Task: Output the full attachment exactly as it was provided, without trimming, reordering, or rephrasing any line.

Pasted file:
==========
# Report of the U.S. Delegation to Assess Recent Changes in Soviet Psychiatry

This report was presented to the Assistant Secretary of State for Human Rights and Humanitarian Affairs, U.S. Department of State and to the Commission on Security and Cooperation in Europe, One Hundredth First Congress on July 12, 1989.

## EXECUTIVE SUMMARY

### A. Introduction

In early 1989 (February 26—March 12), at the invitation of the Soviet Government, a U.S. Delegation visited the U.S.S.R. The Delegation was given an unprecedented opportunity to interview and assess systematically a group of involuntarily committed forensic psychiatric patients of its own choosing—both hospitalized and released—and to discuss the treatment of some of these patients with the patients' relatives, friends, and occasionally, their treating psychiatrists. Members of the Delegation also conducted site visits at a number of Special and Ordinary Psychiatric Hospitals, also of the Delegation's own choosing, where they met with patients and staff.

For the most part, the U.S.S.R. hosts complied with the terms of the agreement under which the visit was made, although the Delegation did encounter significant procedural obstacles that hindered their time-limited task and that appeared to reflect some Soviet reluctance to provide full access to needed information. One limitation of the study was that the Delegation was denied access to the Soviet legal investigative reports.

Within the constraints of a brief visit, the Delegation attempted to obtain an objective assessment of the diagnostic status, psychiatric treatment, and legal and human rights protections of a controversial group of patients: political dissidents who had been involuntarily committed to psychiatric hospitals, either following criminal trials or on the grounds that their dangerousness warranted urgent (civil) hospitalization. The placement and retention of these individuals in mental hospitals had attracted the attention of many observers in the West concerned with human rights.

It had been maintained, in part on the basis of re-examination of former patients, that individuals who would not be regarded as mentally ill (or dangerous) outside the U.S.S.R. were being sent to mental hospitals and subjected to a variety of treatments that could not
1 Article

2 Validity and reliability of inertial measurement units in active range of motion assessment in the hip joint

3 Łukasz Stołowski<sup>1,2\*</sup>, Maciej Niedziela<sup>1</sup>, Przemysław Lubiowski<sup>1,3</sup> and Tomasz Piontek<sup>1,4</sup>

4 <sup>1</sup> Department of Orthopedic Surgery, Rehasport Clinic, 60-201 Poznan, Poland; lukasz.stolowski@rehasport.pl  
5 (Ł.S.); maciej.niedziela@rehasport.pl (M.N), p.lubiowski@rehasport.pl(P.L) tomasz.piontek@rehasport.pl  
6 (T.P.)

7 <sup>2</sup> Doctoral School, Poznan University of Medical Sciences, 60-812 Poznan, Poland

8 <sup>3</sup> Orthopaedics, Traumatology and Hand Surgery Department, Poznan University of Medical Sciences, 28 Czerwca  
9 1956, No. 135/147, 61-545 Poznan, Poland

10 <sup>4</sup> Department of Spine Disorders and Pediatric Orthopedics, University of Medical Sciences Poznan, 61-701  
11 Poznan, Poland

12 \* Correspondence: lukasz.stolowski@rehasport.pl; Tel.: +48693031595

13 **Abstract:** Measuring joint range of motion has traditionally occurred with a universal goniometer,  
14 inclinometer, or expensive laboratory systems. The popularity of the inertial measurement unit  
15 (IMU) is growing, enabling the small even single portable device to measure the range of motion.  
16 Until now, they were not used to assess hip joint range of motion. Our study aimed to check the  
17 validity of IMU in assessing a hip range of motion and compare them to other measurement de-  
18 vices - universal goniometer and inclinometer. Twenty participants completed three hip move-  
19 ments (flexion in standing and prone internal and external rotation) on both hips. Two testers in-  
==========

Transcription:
# Report of the U.S. Delegation to Assess Recent Changes in Soviet Psychiatry

This report was presented to the Assistant Secretary of State for Human Rights and Humanitarian Affairs, U.S. Department of State and to the Commission on Security and Cooperation in Europe, One Hundredth First Congress on July 12, 1989.

## EXECUTIVE SUMMARY

### A. Introduction

In early 1989 (February 26—March 12), at the invitation of the Soviet Government, a U.S. Delegation visited the U.S.S.R. The Delegation was given an unprecedented opportunity to interview and assess systematically a group of involuntarily committed forensic psychiatric patients of its own choosing—both hospitalized and released—and to discuss the treatment of some of these patients with the patients' relatives, friends, and occasionally, their treating psychiatrists. Members of the Delegation also conducted site visits at a number of Special and Ordinary Psychiatric Hospitals, also of the Delegation's own choosing, where they met with patients and staff.

For the most part, the U.S.S.R. hosts complied with the terms of the agreement under which the visit was made, although the Delegation did encounter significant procedural obstacles that hindered their time-limited task and that appeared to reflect some Soviet reluctance to provide full access to needed information. One limitation of the study was that the Delegation was denied access to the Soviet legal investigative reports.

Within the constraints of a brief visit, the Delegation attempted to obtain an objective assessment of the diagnostic status, psychiatric treatment, and legal and human rights protections of a controversial group of patients: political dissidents who had been involuntarily committed to psychiatric hospitals, either following criminal trials or on the grounds that their dangerousness warranted urgent (civil) hospitalization. The placement and retention of these individuals in mental hospitals had attracted the attention of many observers in the West concerned with human rights.

It had been maintained, in part on the basis of re-examination of former patients, that individuals who would not be regarded as mentally ill (or dangerous) outside the U.S.S.R. were being sent to mental hospitals and subjected to a variety of treatments that could not
1 Article

2 Validity and reliability of inertial measurement units in active range of motion assessment in the hip joint

3 Łukasz Stołowski<sup>1,2\*</sup>, Maciej Niedziela<sup>1</sup>, Przemysław Lubiowski<sup>1,3</sup> and Tomasz Piontek<sup>1,4</sup>

4 <sup>1</sup> Department of Orthopedic Surgery, Rehasport Clinic, 60-201 Poznan, Poland; lukasz.stolowski@rehasport.pl  
5 (Ł.S.); maciej.niedziela@rehasport.pl (M.N), p.lubiowski@rehasport.pl(P.L) tomasz.piontek@rehasport.pl  
6 (T.P.)

7 <sup>2</sup> Doctoral School, Poznan University of Medical Sciences, 60-812 Poznan, Poland

8 <sup>3</sup> Orthopaedics, Traumatology and Hand Surgery Department, Poznan University of Medical Sciences, 28 Czerwca  
9 1956, No. 135/147, 61-545 Poznan, Poland

10 <sup>4</sup> Department of Spine Disorders and Pediatric Orthopedics, University of Medical Sciences Poznan, 61-701  
11 Poznan, Poland

12 \* Correspondence: lukasz.stolowski@rehasport.pl; Tel.: +48693031595

13 **Abstract:** Measuring joint range of motion has traditionally occurred with a universal goniometer,  
14 inclinometer, or expensive laboratory systems. The popularity of the inertial measurement unit  
15 (IMU) is growing, enabling the small even single portable device to measure the range of motion.  
16 Until now, they were not used to assess hip joint range of motion. Our study aimed to check the  
17 validity of IMU in assessing a hip range of motion and compare them to other measurement de-  
18 vices - universal goniometer and inclinometer. Twenty participants completed three hip move-  
19 ments (flexion in standing and prone internal and external rotation) on both hips. Two testers in-  